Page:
Grundlagenwerke des Verfassungsrechts

Human Dignity as the Foundation of the State Community

Peter Häberle

“Human dignity shall be inviolable.” Article 1 Section 1 (1) places human dignity at the very beginning of the German constitution (Basic Law / GG). It is the benchmark for all state decisions and actions, as all state authority is obliged to respect and protect human dignity. However, the notion of human dignity is not specified by the Basic Law. A more detailed examination of its substance and value is therefore indispensable for understanding its impact on the German constitutional system.

Such an examination is the present contribution by Peter Häberle1. The protection of human dignity is not a particularity of the Basic Law, but is found in numerous constitutions and in public international law. Often, a reference can be found in the preamble. For example, in the Charter of the United Nations of 26th June 1945, the Universal Declaration of Human Rights of 10th December 1948 or the International Covenant on Civil and Political Rights of 19th December 1966. In addition, the constitutions of many states contain human dignity clauses. In Germany, even the first democratic constitution – the Weimar Constitution of 1919 – had, somewhat hidden in Art. 151 Abs. 1 WRV, a reference to human dignity.

Since the idea of human dignity is not further defined in the Basic Law, it is, above all, the role of the Federal Constitutional Court of Germany to refine it. There have already been numerous decisions in which the court has had to deal with the dignity of human beings and its characteristics. The Court describes human dignity as the centre of a value system that is conveyed by the entire Basic Law. Human dignity is, therefore, the highest benchmark within the constitution and it directly effects the substance of numerous other fundamental rights.

The main approach of the Constitutional Court´s jurisdiction is the so-called object-formula (“Objektformel”), which is based on Immanuel Kant's moral theory that prohibits to treat people merely as means. The object-formula states that no human being shall be treated as an object of state action and thus be denied the quality of a human subjectivity. This concept of human dignity has major implications for the legal order, for example, on how people are treated in criminal proceedings and the penal system. To specify the substance of human dignity is, therefore, a matter of individual cases. Due to the federal structure of Germany, this specification is not only done by the Federal Constitutional Court, but also by the Constitutional Courts of the “Länder” (federal states), as human dignity is anchored in their constitutions as well.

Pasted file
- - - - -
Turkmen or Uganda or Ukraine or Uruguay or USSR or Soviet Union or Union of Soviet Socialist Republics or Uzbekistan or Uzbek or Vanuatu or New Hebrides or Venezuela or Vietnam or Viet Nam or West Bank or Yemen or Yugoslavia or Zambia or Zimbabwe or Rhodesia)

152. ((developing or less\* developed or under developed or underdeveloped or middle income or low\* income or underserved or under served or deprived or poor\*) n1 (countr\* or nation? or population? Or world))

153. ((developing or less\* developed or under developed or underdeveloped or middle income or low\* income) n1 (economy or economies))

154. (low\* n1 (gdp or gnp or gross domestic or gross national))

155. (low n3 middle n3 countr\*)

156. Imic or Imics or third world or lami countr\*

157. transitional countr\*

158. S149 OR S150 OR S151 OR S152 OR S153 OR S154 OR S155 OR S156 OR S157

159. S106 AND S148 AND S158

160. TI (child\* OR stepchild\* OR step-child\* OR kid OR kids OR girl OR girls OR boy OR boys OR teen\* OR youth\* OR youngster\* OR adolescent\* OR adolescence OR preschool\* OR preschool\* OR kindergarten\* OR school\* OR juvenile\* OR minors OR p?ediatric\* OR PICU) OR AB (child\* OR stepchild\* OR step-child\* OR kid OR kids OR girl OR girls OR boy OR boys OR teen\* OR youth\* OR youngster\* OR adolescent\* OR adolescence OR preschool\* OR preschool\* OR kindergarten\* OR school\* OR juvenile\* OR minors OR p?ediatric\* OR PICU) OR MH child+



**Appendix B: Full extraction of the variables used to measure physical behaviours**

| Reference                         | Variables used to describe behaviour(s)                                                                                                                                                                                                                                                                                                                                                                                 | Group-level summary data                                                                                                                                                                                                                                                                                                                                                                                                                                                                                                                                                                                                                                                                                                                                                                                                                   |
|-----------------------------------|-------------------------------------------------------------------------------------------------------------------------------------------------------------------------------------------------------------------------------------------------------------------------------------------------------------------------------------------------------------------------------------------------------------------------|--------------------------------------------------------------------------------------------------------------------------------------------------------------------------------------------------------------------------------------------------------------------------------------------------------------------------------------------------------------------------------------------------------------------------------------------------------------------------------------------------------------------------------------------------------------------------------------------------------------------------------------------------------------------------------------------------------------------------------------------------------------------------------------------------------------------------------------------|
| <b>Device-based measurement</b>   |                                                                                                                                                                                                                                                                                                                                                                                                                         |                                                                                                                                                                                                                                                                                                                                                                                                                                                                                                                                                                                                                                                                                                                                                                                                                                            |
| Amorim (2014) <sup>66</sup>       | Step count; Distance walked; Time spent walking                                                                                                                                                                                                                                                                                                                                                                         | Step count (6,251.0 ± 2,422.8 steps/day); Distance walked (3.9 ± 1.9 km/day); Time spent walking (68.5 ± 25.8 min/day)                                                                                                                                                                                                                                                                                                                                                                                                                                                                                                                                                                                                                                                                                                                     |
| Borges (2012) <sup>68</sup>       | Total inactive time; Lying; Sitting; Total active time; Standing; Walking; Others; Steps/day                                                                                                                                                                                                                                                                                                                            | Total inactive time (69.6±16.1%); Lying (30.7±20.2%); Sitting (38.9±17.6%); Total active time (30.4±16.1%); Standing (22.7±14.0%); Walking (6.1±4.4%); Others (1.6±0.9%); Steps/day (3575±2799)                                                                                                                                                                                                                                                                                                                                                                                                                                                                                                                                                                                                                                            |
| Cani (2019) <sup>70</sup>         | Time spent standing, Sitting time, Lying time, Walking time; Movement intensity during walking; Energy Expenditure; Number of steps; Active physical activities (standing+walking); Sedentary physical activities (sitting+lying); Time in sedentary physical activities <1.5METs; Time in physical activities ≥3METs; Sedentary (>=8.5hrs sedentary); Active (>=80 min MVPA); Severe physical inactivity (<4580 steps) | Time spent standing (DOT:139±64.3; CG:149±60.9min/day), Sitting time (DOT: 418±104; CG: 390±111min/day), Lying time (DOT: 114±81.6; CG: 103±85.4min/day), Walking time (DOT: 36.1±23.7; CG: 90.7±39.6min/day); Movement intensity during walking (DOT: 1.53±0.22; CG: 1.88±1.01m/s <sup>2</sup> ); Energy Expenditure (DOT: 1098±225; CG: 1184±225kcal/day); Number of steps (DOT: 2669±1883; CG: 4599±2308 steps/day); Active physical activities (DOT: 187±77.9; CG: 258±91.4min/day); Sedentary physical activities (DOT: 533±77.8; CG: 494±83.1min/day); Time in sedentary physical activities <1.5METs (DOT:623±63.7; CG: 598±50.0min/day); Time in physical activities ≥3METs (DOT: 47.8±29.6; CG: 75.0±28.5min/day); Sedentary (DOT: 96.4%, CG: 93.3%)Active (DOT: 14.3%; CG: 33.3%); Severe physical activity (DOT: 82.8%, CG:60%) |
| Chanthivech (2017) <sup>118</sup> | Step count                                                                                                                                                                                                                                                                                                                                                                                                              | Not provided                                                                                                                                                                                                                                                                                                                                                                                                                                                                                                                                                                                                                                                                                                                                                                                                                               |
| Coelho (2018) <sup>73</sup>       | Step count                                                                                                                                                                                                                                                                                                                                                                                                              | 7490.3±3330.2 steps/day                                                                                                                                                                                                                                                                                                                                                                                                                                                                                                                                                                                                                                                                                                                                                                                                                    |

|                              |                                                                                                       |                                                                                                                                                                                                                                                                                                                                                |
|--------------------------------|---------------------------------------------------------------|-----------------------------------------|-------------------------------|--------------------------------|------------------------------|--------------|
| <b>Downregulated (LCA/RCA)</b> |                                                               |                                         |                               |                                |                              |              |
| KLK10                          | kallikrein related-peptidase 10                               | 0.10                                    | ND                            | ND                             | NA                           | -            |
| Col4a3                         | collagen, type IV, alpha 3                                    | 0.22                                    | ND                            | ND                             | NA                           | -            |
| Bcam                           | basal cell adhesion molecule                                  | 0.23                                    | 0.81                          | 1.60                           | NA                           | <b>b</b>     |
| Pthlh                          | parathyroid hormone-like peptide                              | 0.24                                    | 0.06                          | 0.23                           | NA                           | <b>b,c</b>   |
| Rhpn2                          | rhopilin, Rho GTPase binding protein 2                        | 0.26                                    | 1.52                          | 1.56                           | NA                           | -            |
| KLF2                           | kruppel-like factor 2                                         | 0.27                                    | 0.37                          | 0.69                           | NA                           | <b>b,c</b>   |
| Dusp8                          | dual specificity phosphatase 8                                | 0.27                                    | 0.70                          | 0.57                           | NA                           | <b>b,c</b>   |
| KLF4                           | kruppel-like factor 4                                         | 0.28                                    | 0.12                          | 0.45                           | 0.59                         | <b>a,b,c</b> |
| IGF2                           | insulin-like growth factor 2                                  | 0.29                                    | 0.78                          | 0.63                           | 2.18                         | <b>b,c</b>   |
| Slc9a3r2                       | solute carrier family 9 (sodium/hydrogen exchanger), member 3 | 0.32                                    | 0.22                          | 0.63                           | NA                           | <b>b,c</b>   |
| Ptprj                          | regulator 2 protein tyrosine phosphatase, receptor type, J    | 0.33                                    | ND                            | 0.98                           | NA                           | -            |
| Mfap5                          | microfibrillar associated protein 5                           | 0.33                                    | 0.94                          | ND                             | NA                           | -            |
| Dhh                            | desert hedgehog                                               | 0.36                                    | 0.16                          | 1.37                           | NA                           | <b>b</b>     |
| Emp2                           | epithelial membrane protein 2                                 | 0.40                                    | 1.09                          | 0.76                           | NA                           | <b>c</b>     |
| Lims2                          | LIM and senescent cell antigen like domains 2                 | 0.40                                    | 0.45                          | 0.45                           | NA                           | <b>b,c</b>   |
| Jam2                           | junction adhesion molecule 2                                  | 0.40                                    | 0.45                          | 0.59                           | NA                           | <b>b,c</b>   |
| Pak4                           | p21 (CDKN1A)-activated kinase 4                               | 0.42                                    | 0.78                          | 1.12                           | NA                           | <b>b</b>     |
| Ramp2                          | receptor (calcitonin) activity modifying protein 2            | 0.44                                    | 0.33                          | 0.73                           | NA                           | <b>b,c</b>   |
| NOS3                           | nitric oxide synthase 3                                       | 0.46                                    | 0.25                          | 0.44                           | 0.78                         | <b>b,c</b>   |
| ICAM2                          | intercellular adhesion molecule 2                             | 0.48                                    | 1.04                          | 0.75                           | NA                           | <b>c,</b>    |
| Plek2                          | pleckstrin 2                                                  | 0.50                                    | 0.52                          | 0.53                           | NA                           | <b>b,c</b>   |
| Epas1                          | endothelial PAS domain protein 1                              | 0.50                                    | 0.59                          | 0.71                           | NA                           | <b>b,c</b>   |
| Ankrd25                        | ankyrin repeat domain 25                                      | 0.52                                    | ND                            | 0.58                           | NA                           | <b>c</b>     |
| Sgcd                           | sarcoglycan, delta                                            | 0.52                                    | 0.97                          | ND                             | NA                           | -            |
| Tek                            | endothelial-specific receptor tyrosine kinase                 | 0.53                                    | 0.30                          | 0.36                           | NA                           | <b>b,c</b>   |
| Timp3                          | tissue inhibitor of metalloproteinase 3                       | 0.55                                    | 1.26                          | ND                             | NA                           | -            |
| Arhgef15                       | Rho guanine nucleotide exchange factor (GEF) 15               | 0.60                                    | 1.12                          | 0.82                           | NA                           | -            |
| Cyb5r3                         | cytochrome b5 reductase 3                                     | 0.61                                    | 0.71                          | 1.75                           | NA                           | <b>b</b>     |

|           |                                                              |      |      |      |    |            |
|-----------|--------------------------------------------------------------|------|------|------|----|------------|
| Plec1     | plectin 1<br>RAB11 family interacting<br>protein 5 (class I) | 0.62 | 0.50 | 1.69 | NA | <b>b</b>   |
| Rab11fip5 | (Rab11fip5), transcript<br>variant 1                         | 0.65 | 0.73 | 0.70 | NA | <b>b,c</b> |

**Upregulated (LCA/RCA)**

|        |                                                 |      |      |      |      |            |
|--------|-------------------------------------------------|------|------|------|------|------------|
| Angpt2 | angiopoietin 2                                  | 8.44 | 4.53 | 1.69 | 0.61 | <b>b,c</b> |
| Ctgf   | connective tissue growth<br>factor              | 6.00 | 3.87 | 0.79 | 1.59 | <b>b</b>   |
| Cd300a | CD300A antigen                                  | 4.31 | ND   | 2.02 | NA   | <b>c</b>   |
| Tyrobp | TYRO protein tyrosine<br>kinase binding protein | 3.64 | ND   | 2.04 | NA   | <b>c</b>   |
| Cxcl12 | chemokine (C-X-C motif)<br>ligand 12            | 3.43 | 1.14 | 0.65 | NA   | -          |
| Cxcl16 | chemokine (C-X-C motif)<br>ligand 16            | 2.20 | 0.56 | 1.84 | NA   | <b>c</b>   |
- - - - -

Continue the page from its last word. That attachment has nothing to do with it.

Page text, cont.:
Probably the most important legal implication of human dignity is the general right of personality, which is derived from Article 1 paragraph 1 and Article 2 paragraph 1 GG and provides a comprehensive protection of a person's autonomy. Furthermore, the protection of human dignity is closely linked to the Social state principle (“Sozialstaatsprinzip”). This principle ensures a decent existence (welfare) and the possibility of (democratic) participation in society. In this context, the dimension of fundamental rights as a state obligation to protect is at the centre of attention. It obliges the state to create certain framework conditions for the protection of human dignity.

Not only the constitutional courts, but also the specialised courts contribute to the legal shaping of human dignity. These courts have a nuanced jurisdiction, particularly with regard to the general right of personality. Approaches to defining the idea of human dignity are also designed in constitutional theory. However, the idea of human dignity is not an invention of the Basic Law or constitutionalism itself. Häberle concludes that the “Objektformel” is still the best approach to specify the idea of human dignity. He rightly notes that the concept of human dignity is at least partially open for expansions in the sense of cultural and social change. In an attempt to outline a legal framework of human dignity, Häberle defines four dimensions of its protection: (1) The unity of defence and protection / freedom and participation, (2) the protection of human dignity in material and procedural law, (3) the material and immaterial protection of human dignity and (4) the content and organisation of human dignity.

 

 


1Prof. Dr. Dr. h.c. mult. Peter Häberle is an emeritus german professor of constitutional law. He taught in Marburg, Augsburg and Bayreuth as well as in guest professorships abroad. In particular, he has dealt with the dogmatics of fundamental rights and constitutional theory.

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